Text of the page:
Now as if these instructions weren’t provocative enough, not to mention plenty challenging, the first verses of chapter 5 drops the bombshell: “Therefore, be imitators of Christ, as beloved children, and live in love, as Christ loved us  and gave himself up for us…”. Once again, it all comes back around to love, in some way or other. And again, all of the instruction of this mini-lesson is at the last caught up into this main point. To live in love is not to talk evil or to engage in lies or to steal or to do the things that grieve the Spirit that is all about holding us together. To live in love is to speak truth (even when it’s not all that pleasant to do so); to live in love is to keep your anger (which will happen, and even should happen sometimes) from leading you into sin, and not to let that anger fester and divide us; to live in love is not to steal, but to do honest work so that you have something to share with those in need; to live in love is to lay aside speech and action that tears us apart, and to take up the words and deeds that hold us together. 

There is challenge here, in that (for example) sometimes it is really, destructively wrong not to be angry. To be indifferent to the injustice that runs rampant in the world around us (think of that example from the coffee industry, for instance), or even to seek to profit from it or take comfort in it or otherwise to justify its existence, is literally damnable. It is the stuff of Hell. And yet we see an awful lot of “Christians” doing exactly that in the headlines every day, do we not?

And yet, we are charged here not to let that anger lead us into sin, nor to let it fester and wreck relationships within the body.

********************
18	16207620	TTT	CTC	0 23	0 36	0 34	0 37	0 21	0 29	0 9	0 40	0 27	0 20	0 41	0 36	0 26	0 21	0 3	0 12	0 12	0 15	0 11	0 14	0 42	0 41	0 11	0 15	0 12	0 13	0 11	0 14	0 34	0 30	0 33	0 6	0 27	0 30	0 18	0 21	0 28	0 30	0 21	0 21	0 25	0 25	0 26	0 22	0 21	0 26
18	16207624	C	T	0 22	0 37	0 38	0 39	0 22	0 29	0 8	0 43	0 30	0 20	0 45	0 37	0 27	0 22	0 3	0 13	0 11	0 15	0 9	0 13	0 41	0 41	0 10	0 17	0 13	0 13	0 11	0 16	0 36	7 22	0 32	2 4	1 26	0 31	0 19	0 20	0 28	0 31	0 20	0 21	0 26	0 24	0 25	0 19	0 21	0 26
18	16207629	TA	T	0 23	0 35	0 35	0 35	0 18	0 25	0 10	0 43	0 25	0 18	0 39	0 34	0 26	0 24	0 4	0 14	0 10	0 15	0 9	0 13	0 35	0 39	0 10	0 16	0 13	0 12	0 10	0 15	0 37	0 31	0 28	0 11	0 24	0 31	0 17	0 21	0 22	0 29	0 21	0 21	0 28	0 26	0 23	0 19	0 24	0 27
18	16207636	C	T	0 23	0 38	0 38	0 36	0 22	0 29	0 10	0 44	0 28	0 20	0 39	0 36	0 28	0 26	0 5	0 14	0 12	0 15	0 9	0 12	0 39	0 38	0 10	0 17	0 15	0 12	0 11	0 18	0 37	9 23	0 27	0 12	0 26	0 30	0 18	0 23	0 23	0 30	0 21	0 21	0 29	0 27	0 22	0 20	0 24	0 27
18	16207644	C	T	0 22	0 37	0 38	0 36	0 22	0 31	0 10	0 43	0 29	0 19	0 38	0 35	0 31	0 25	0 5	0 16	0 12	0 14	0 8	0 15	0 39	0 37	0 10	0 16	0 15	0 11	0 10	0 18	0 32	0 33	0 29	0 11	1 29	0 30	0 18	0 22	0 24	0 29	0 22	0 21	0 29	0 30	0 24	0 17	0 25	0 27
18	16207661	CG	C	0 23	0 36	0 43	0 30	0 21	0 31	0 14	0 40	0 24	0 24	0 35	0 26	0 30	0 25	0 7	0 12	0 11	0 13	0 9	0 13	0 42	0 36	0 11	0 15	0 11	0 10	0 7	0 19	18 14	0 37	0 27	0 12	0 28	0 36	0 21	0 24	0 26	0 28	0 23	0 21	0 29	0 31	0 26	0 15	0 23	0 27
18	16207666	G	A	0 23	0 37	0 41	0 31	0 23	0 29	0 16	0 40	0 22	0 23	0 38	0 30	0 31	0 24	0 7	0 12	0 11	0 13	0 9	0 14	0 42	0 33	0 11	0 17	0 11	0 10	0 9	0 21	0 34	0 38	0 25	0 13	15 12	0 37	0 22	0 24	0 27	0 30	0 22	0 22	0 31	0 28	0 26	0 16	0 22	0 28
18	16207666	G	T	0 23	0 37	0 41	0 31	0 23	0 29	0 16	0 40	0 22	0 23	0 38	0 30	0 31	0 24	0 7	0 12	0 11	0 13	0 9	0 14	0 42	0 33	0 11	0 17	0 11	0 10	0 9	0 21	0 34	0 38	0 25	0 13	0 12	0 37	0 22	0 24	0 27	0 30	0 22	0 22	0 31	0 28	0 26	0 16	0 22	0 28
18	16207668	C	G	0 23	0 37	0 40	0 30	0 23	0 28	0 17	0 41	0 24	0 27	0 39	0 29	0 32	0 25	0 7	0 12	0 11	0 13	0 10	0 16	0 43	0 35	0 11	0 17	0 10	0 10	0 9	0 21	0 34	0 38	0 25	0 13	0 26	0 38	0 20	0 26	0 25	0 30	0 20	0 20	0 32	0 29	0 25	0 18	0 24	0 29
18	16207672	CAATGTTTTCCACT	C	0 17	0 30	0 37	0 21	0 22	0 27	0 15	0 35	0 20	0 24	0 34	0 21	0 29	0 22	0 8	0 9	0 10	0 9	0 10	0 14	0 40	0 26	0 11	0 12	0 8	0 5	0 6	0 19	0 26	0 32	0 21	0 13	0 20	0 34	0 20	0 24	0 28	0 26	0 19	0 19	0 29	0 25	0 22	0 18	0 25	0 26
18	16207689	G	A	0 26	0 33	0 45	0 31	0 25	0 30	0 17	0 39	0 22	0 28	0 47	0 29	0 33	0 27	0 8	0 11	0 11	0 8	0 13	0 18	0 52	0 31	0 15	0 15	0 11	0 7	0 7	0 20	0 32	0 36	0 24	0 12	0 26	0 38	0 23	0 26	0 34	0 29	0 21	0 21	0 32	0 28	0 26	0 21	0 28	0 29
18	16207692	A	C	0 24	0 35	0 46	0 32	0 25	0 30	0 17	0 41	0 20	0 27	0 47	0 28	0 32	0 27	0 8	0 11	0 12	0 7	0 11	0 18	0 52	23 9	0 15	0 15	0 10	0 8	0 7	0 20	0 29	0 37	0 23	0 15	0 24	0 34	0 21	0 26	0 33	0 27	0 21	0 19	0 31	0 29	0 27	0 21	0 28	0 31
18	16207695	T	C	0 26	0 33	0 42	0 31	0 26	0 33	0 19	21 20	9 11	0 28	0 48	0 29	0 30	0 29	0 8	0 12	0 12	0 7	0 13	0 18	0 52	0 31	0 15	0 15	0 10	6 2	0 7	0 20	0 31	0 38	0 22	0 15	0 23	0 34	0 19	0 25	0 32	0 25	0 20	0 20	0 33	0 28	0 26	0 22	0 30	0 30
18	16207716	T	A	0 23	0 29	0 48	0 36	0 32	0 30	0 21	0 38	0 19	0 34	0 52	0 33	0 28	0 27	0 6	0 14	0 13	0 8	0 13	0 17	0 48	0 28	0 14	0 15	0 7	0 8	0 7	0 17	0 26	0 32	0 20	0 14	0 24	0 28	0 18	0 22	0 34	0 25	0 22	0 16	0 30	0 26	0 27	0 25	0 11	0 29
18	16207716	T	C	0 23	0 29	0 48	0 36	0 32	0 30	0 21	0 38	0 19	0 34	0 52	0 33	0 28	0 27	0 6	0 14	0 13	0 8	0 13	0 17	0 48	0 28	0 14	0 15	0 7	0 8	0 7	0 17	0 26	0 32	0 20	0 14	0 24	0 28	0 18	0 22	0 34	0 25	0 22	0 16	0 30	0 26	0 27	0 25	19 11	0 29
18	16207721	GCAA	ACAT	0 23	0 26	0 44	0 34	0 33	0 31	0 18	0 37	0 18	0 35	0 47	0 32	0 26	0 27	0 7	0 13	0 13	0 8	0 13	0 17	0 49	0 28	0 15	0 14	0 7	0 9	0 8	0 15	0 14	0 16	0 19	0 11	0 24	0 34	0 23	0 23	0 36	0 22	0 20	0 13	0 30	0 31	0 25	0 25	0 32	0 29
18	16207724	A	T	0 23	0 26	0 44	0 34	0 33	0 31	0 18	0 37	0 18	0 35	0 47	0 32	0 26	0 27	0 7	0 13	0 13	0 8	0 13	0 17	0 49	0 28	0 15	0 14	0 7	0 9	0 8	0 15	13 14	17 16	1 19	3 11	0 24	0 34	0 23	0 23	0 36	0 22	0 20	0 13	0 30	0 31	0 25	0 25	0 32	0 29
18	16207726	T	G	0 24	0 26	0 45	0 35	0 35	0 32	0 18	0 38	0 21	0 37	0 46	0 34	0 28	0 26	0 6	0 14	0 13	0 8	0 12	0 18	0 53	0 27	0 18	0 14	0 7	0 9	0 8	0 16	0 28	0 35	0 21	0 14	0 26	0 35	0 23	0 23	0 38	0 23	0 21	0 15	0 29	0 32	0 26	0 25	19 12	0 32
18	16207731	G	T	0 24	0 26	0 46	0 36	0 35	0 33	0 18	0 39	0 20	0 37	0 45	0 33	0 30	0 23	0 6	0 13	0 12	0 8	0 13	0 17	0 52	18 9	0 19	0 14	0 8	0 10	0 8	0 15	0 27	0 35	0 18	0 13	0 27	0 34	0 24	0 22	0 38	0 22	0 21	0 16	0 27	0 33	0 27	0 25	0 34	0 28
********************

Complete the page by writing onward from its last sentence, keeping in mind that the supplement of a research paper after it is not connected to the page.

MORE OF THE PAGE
Part of the answer is easy enough to figure out: fight against that injustice, resist the prejudice against race or gender or orientation or anything that dehumanizes and demeans any of God’s creation. But even then, there will be those within the body – or at least calling themselves “Christians” – who resist that fight tooth and nail. Where, then, would our author direct us; to do God’s will and resist the injustice at hand, or to make peace? 

The tricky part about moral instruction, such as the author of Ephesians has undertaken, is that sometimes it leaves you in a quandary like this. At such a time we’re called to remember that Ephesians, or any such part of scripture, is not the whole of scripture; more than a few words of Jesus, for example, should answer this quandary for us without too much difficulty: fight the injustice, do unto “the least of these” as Jesus says in Matthew 25. 

Nonetheless, the basic theme of this lesson holds: put away those things that do harm, keep those things that build up. Leave behind the destructive; continue with the constructive. Lay aside what harms, take up what heals. 

Sometimes, I guess, the challenge is to know which is which.

And I still don’t know what Robin Hood would say about this.

For the guidance of the Spirit in learning these things, Thanks be to God. Amen.

Hymns (from Glory to God: The Presbyterian Hymnal): #739, O for a Closer Walk with God; #444, Forgive Our Sins as We Forgive; #729, Lord, I Want to Be a Christian

[1] Statistics from Cory Gilman, “Rooted in Racism: Dark Profits in the Coffee Industry,”, 3 August 2020  (accessed 5 August 2021).